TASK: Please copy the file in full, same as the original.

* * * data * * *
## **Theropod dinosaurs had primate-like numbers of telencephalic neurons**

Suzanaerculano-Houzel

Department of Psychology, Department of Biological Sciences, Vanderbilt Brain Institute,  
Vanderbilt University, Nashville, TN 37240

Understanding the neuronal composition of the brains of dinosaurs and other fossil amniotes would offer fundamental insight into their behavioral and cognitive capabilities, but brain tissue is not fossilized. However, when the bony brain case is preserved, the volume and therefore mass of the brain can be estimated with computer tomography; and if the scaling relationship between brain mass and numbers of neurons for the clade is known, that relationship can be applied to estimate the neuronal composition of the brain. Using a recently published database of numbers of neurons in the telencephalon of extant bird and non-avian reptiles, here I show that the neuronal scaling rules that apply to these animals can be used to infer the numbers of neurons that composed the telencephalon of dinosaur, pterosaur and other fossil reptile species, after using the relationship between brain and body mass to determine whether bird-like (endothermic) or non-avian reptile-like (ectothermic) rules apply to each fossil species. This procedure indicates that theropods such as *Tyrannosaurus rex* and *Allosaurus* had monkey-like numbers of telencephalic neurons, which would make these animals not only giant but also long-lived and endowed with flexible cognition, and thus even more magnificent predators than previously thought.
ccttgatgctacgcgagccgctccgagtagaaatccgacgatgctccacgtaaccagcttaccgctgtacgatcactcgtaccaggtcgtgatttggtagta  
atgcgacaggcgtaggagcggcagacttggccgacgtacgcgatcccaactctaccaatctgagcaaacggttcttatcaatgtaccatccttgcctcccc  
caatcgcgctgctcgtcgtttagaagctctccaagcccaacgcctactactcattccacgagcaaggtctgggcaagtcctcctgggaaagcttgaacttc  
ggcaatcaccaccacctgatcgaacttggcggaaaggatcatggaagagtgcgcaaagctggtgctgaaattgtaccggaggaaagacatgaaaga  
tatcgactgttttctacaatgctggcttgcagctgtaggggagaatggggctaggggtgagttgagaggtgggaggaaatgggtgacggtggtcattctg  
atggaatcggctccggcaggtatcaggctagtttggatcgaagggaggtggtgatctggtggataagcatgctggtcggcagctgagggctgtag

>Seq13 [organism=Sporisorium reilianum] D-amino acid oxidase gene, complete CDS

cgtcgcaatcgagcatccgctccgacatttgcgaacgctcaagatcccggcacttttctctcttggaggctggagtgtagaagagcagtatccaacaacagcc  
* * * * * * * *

## **Theropod dinosaurs had primate-like numbers of telencephalic neurons**

Suzanaerculano-Houzel

Department of Psychology, Department of Biological Sciences, Vanderbilt Brain Institute,  
Vanderbilt University, Nashville, TN 37240

Understanding the neuronal composition of the brains of dinosaurs and other fossil amniotes would offer fundamental insight into their behavioral and cognitive capabilities, but brain tissue is not fossilized. However, when the bony brain case is preserved, the volume and therefore mass of the brain can be estimated with computer tomography; and if the scaling relationship between brain mass and numbers of neurons for the clade is known, that relationship can be applied to estimate the neuronal composition of the brain. Using a recently published database of numbers of neurons in the telencephalon of extant bird and non-avian reptiles, here I show that the neuronal scaling rules that apply to these animals can be used to infer the numbers of neurons that composed the telencephalon of dinosaur, pterosaur and other fossil reptile species, after using the relationship between brain and body mass to determine whether bird-like (endothermic) or non-avian reptile-like (ectothermic) rules apply to each fossil species. This procedure indicates that theropods such as *Tyrannosaurus rex* and *Allosaurus* had monkey-like numbers of telencephalic neurons, which would make these animals not only giant but also long-lived and endowed with flexible cognition, and thus even more magnificent predators than previously thought.
ccttgatgctacgcgagccgctccgagtagaaatccgacgatgctccacgtaaccagcttaccgctgtacgatcactcgtaccaggtcgtgatttggtagta  
atgcgacaggcgtaggagcggcagacttggccgacgtacgcgatcccaactctaccaatctgagcaaacggttcttatcaatgtaccatccttgcctcccc  
caatcgcgctgctcgtcgtttagaagctctccaagcccaacgcctactactcattccacgagcaaggtctgggcaagtcctcctgggaaagcttgaacttc  
ggcaatcaccaccacctgatcgaacttggcggaaaggatcatggaagagtgcgcaaagctggtgctgaaattgtaccggaggaaagacatgaaaga  
tatcgactgttttctacaatgctggcttgcagctgtaggggagaatggggctaggggtgagttgagaggtgggaggaaatgggtgacggtggtcattctg  
atggaatcggctccggcaggtatcaggctagtttggatcgaagggaggtggtgatctggtggataagcatgctggtcggcagctgagggctgtag

>Seq13 [organism=Sporisorium reilianum] D-amino acid oxidase gene, complete CDS

cgtcgcaatcgagcatccgctccgacatttgcgaacgctcaagatcccggcacttttctctcttggaggctggagtgtagaagagcagtatccaacaacagcc  